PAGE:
I have read many books in my lifetime, but rarely have I become so completely immersed in a work of prose that I literally had to take time to breathe. Gilead is one of the best-written, most poignant journeys into the human heart and mind that I have ever read. If it is indeed rare to find a book that leaves a permanent etch upon our minds and lives and changes how we live, then Gilead is the rarest of jewels, multifaceted and deep, and unshakeable in both its permanence and its humanity.

    2 out of 2 people found this review helpful.

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  • Posted May 30, 2010

    Rambling letter from preacher father to son

    An older father who is dying of cardiac disease decided to write a letter for his son, who is young still, to read. A fine idea and some plot lines that seem like they are going somewhere but they always seem to fall flat. You get the idea this is the preacher who has sanctimonious, long, rambling sermons that seem to last forever. The other preacher's son, who is named after him, is a trouble maker and the preacher can never seem to forgive him.

    1 out of 2 people found this review helpful.

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  • Anonymous

    Posted June 14, 2009

    A wonderful book

    One of my favoriets

    1 out of 1 people found this review helpful.

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  • Posted March 16, 2009

    more from this reviewer

    Beautiful

    This is a beautiful story. I don't know how to describe it other than that. Usually I read a book and then pass it on to friends or donate them to the library - not this one. This one is staying with me as one of my favorites.

    1 out of 2 people found this review helpful.

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  • Anonymous

    Posted April 6, 2006

    The Wholly Other Narrative

    If this narrative is but a novel, then all the other novels are but babbling baby talk. GILEAD is the poetic footnote that twenty-one hundred years of humanity and the humanities have added to the Beginning Word. This poem of somehow lucid spiritual mystery reveals a family genealogy of moral action by sewing it onto a tapestry with an unseen seamless backdrop of philosophy, psychology, and theology.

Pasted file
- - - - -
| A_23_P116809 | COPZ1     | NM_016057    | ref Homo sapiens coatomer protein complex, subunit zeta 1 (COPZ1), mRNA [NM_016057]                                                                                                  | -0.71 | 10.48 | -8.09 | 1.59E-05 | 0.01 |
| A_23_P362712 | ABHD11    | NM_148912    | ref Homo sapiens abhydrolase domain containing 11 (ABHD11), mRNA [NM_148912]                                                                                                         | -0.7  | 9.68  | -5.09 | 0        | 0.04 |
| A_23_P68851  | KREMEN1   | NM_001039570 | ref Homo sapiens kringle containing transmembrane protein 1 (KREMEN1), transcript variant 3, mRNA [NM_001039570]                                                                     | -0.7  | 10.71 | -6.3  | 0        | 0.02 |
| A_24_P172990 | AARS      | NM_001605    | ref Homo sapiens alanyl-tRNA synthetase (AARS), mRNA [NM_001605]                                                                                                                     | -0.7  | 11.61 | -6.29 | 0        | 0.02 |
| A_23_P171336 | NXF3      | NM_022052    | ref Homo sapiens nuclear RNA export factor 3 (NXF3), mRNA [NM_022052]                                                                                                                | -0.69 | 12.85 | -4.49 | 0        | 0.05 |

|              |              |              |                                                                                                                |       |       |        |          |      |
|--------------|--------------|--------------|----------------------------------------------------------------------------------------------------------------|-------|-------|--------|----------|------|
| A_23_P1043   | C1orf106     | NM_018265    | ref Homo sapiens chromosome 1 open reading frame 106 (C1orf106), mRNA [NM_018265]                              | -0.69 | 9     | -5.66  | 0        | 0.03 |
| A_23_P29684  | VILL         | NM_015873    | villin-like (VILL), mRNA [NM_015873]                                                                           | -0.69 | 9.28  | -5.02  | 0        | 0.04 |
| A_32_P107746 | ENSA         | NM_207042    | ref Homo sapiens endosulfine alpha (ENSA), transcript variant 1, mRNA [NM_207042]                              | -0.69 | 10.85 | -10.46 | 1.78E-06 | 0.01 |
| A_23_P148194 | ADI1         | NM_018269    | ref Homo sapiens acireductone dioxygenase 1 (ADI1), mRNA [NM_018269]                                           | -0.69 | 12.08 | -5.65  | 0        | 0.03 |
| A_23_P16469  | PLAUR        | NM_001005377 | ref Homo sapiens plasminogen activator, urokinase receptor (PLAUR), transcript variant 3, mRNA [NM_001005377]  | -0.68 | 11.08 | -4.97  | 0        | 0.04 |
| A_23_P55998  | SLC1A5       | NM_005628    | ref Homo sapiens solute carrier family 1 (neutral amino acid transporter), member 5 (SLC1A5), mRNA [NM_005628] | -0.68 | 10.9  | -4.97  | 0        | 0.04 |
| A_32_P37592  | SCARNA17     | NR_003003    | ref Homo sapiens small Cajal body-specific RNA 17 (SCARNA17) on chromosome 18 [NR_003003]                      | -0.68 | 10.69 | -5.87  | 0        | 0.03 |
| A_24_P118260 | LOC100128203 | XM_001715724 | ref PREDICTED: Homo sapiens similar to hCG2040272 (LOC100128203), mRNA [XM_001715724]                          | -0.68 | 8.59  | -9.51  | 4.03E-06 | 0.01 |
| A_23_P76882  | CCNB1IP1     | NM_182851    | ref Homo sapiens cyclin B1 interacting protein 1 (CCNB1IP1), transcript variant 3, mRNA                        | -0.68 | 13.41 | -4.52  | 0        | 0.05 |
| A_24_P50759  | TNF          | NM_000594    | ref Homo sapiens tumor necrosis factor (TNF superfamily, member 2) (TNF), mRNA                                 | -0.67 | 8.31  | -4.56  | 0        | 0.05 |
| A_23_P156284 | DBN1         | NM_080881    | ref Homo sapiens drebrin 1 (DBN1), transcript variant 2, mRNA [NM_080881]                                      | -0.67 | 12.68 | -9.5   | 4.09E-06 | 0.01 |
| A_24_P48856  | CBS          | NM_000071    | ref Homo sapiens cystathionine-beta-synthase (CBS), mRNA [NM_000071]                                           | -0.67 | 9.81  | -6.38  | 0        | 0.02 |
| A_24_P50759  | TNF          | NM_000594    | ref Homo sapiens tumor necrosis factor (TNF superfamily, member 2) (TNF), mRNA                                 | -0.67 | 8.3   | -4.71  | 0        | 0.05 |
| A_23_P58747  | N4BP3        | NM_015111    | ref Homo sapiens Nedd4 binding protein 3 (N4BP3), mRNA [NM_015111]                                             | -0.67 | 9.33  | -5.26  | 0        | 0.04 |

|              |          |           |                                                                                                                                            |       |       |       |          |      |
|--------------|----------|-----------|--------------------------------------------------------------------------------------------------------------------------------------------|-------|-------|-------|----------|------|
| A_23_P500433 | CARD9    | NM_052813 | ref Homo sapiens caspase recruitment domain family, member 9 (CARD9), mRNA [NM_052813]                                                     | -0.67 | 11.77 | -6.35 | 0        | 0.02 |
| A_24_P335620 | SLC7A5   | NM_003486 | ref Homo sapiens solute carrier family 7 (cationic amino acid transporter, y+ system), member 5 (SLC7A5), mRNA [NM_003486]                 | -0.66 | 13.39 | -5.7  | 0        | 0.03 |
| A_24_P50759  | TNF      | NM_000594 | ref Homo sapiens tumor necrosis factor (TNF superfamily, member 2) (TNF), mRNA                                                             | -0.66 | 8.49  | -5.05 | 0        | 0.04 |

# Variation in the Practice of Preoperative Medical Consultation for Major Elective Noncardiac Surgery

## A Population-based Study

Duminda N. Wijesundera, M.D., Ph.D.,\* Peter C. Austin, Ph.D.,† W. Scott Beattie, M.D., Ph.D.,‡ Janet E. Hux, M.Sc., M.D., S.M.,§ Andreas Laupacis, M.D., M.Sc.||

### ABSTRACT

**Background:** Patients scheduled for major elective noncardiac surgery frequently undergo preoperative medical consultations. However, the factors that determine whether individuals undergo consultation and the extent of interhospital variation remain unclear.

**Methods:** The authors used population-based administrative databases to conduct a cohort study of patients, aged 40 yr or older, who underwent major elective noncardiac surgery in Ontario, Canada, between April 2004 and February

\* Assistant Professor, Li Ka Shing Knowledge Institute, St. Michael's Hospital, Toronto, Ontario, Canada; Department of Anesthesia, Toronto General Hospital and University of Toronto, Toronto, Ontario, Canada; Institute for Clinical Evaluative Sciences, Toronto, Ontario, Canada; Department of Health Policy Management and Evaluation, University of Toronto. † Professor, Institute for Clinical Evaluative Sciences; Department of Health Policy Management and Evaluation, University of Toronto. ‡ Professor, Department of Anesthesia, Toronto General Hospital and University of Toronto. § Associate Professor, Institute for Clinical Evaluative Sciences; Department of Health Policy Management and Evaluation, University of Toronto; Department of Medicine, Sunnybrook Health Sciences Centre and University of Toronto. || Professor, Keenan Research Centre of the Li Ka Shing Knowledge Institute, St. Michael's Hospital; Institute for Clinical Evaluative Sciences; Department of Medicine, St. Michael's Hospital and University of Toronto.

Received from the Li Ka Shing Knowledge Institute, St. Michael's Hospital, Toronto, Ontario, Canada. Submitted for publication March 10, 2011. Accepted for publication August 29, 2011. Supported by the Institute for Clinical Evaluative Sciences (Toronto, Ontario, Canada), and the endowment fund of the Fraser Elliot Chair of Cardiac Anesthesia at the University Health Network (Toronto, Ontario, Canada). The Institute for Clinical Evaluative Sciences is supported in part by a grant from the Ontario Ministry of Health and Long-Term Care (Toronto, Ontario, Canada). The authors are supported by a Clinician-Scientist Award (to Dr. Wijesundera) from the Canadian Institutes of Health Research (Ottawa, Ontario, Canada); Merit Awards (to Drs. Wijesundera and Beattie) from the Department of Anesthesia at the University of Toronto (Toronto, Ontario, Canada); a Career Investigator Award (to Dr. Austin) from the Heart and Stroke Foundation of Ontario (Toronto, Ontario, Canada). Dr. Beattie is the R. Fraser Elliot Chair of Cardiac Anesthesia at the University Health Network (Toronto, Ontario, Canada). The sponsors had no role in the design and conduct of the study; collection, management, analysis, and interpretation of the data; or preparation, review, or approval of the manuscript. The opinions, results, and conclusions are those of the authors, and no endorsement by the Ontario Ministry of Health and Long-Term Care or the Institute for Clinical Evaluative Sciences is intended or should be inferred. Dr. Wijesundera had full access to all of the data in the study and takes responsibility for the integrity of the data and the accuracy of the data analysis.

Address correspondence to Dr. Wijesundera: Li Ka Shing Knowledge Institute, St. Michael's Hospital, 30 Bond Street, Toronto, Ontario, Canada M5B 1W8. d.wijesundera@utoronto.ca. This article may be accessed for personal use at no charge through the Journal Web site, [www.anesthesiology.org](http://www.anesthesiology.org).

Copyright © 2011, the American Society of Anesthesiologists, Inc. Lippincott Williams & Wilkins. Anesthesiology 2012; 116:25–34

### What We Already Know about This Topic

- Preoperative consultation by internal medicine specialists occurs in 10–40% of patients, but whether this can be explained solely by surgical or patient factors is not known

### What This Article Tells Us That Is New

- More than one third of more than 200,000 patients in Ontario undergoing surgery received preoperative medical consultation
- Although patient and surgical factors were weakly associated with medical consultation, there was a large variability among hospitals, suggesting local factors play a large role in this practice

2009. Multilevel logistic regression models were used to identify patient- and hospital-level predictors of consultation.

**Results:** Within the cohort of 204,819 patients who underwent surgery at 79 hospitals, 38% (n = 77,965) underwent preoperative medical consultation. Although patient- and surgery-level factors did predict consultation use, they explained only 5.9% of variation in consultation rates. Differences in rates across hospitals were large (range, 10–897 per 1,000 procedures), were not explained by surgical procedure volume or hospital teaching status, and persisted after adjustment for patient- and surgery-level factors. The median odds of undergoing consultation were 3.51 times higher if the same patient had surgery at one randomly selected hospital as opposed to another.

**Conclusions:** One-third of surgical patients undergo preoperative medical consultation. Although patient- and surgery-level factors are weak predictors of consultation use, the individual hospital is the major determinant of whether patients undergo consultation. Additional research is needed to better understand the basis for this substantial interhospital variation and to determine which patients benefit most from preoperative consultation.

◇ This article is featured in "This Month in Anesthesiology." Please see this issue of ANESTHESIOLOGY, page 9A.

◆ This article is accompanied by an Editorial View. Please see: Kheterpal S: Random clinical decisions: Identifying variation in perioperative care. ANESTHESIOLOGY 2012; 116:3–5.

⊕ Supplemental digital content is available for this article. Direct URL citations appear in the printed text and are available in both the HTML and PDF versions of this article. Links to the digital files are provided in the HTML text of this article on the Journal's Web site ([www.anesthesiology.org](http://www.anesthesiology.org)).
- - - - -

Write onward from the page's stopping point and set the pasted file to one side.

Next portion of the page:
1 out of 2 people found this review helpful.

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  • Anonymous

    Posted February 28, 2006

    Great Book

    Totally not what I expected. It is very captivating and you get involved with the story. It shows and reveals the heart of a father and the love he has for his son. A great story!!!

    1 out of 1 people found this review helpful.

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  • Posted January 16, 2015

    Ok story overall, a little slow

    I'm not sure what I was expecting. However, this reads like a journal that is written with the intention of being read by someone else. Since it is supposed to be a letter, I guess the reading by someone else isn't surprising. The book is slow. It doesn't tell the whole of any particular story. It is a guy dying and just kind of coming to terms with that. There are a few lines that are great writing. I read this for a book group, and otherwise wouldn't have finished it. And, it doesn't really end, per se.

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  • Anonymous

    Posted November 18, 2013

    Waste of time

    Boring, pointless and repetitive

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  • Posted August 2, 2013

    Great Read

    You will not waste your time reading this book. It's a beautiful and lovely hymn to life from the perspective of a man whose life's work was to proclaim the Lord of Life.